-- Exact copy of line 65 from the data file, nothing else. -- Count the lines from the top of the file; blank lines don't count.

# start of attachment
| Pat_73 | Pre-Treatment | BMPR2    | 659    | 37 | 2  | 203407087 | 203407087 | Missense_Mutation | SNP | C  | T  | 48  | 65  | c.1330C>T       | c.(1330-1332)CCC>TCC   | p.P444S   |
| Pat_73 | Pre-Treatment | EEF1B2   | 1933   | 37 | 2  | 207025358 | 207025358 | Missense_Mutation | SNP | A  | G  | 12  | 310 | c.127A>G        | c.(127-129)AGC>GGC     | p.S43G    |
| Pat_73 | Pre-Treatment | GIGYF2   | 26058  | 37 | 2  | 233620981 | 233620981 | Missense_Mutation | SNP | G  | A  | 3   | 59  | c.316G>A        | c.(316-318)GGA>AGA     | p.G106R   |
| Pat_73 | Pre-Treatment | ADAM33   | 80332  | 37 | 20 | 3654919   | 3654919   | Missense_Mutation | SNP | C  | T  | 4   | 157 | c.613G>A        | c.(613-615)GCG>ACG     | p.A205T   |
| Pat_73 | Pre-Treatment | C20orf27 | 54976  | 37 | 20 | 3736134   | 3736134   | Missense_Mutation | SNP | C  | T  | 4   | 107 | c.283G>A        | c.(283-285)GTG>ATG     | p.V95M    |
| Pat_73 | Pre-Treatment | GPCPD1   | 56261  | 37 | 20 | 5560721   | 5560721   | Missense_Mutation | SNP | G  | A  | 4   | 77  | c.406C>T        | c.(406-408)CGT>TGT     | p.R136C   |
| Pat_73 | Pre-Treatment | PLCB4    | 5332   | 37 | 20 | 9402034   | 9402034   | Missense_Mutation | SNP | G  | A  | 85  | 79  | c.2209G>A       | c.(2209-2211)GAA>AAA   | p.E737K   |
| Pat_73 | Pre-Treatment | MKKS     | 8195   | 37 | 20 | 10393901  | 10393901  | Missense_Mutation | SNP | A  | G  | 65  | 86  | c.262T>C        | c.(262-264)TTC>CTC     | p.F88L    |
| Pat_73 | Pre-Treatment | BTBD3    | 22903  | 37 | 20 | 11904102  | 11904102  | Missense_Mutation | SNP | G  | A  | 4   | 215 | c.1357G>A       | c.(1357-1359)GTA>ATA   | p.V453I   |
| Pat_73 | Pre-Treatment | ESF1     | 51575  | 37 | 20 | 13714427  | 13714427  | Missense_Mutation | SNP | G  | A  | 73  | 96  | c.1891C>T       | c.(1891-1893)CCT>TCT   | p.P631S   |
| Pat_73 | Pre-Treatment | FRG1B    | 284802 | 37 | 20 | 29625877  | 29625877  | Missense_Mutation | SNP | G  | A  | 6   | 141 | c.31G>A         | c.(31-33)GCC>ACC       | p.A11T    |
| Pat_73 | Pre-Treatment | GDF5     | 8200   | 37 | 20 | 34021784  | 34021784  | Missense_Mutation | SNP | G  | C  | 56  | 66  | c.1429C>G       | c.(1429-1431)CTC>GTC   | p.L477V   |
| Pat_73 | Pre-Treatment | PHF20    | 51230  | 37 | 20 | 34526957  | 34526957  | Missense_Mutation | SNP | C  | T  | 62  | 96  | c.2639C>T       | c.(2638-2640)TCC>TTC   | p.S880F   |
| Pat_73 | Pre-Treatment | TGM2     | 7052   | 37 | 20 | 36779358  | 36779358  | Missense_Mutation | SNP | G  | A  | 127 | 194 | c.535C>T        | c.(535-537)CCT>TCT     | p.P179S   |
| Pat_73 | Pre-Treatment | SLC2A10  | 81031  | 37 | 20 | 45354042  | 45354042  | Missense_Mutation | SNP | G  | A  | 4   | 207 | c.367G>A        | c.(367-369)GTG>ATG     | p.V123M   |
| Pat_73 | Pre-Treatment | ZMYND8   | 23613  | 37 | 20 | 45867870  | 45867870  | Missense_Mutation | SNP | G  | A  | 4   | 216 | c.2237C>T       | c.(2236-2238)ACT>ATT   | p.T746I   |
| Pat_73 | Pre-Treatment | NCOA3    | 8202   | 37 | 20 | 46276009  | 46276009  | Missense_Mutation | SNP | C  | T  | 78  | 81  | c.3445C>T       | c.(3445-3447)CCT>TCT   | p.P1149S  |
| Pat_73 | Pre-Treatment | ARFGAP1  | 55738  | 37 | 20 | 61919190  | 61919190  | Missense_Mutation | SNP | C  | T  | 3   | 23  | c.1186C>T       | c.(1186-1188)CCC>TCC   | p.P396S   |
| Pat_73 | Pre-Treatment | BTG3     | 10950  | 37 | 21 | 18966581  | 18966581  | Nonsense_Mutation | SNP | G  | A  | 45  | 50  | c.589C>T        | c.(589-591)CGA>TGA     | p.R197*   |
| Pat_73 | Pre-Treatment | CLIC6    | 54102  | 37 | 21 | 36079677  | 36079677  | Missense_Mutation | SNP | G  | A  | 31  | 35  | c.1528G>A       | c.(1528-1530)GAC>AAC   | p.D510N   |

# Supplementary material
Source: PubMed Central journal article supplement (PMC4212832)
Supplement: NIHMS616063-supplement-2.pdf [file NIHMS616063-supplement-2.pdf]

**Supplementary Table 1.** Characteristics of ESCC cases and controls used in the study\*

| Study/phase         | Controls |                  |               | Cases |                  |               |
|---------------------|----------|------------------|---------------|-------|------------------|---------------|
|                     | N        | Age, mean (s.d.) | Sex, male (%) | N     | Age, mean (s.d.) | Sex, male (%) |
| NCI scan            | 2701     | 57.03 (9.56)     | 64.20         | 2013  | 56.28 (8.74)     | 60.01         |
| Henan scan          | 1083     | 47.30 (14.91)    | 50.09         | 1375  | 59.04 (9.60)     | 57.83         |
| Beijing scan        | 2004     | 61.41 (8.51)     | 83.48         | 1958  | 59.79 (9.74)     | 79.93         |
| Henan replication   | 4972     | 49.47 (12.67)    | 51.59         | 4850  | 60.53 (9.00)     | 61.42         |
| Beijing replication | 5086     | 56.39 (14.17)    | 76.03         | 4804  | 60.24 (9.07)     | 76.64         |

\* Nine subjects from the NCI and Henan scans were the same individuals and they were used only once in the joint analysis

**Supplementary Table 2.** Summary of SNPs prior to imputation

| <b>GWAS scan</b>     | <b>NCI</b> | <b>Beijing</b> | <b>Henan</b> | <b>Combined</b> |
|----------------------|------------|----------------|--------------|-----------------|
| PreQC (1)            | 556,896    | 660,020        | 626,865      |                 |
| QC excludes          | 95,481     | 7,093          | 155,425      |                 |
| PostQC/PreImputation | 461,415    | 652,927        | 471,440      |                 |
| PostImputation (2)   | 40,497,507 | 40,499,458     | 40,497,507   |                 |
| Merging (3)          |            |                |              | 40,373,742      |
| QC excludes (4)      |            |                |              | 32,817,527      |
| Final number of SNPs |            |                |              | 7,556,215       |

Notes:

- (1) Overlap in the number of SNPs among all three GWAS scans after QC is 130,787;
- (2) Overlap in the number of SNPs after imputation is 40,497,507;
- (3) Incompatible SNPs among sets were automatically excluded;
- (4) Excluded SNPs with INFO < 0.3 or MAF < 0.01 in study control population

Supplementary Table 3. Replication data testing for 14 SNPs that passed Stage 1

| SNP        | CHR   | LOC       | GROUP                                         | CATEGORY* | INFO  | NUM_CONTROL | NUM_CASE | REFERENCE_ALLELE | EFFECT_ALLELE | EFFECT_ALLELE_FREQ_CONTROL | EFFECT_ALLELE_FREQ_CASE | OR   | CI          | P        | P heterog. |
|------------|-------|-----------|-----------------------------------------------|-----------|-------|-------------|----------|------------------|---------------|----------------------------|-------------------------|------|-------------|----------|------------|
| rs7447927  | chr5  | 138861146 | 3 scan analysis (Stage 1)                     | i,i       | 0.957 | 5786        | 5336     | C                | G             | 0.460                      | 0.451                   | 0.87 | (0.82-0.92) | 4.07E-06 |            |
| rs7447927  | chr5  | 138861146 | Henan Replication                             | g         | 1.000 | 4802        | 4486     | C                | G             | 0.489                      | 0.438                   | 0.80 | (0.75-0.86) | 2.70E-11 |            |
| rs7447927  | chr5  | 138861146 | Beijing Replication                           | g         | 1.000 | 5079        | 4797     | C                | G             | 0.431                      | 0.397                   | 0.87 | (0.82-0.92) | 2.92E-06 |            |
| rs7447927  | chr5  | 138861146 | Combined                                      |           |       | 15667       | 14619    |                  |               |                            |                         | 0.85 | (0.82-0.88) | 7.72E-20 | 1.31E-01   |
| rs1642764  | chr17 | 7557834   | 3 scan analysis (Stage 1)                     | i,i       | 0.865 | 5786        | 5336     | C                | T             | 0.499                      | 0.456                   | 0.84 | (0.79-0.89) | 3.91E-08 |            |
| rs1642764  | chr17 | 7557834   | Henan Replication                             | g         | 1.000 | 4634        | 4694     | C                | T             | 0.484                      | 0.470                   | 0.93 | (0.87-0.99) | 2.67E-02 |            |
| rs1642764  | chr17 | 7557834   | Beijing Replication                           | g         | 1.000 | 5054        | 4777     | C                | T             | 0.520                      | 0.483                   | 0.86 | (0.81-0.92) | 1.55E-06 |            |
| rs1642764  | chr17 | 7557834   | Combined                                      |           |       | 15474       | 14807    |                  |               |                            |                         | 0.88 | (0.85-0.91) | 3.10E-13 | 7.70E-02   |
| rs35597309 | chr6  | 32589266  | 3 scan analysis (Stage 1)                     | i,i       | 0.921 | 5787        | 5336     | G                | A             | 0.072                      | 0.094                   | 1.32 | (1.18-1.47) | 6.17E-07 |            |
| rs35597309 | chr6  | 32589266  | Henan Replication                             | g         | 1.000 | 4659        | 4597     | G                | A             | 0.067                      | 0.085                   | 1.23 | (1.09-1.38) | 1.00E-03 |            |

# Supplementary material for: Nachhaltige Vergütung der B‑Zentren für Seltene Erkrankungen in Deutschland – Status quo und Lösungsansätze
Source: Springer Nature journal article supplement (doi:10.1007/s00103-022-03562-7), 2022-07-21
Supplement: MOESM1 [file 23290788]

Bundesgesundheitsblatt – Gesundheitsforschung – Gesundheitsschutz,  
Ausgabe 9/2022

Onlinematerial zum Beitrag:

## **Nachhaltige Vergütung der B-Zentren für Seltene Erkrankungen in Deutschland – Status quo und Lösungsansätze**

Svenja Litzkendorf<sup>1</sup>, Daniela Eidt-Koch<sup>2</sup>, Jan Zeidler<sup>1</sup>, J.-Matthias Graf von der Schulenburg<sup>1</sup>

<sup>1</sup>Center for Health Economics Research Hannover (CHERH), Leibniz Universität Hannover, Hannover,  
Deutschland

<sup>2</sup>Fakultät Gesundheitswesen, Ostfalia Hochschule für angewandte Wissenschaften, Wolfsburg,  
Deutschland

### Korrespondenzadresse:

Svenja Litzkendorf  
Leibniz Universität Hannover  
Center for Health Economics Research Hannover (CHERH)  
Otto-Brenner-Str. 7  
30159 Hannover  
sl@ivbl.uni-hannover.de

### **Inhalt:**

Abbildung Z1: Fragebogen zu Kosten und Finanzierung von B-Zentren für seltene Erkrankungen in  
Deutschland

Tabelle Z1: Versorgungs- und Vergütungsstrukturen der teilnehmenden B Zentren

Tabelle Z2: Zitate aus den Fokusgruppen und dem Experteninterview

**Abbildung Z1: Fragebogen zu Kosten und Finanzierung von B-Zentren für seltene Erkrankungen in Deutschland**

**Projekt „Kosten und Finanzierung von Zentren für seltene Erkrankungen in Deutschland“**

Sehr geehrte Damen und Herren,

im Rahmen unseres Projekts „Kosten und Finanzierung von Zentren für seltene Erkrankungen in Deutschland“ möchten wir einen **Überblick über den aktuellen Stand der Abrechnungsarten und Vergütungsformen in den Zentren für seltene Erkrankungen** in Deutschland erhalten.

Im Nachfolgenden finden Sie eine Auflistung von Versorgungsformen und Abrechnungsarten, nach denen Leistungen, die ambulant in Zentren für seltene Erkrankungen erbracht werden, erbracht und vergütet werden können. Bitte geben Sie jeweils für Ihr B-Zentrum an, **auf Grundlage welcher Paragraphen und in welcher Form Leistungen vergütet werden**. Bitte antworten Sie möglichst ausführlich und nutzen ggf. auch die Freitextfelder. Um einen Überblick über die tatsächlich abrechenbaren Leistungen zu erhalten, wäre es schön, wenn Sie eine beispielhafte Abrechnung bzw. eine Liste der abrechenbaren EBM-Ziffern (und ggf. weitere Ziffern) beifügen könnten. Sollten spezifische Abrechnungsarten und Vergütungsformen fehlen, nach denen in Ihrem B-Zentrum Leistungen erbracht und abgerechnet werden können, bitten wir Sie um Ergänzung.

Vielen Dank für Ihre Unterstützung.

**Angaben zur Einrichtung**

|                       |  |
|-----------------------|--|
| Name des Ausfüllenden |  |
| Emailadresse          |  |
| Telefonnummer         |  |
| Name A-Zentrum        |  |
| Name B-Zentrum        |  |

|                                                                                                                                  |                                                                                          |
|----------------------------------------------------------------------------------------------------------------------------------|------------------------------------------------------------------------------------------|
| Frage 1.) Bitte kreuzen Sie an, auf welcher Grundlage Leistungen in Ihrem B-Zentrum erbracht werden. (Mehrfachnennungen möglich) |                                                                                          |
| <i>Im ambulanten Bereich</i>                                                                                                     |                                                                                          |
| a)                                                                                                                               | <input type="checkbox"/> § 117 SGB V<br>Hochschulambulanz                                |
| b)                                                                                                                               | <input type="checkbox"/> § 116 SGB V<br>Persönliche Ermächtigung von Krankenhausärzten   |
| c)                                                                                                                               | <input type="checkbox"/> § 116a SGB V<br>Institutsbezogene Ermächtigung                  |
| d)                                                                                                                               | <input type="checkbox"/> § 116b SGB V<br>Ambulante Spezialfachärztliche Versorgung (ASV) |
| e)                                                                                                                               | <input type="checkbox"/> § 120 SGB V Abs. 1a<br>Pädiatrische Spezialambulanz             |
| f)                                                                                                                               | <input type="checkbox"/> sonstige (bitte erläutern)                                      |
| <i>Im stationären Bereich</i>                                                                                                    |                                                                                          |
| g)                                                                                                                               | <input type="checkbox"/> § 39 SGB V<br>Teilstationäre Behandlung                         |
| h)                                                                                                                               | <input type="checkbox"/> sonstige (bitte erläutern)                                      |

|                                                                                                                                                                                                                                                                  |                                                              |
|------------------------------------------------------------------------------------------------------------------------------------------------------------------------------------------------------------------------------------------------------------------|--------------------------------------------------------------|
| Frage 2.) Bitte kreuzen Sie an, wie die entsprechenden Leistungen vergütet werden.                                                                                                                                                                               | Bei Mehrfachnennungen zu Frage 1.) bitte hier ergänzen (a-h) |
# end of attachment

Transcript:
Bundesgesundheitsblatt – Gesundheitsforschung – Gesundheitsschutz,  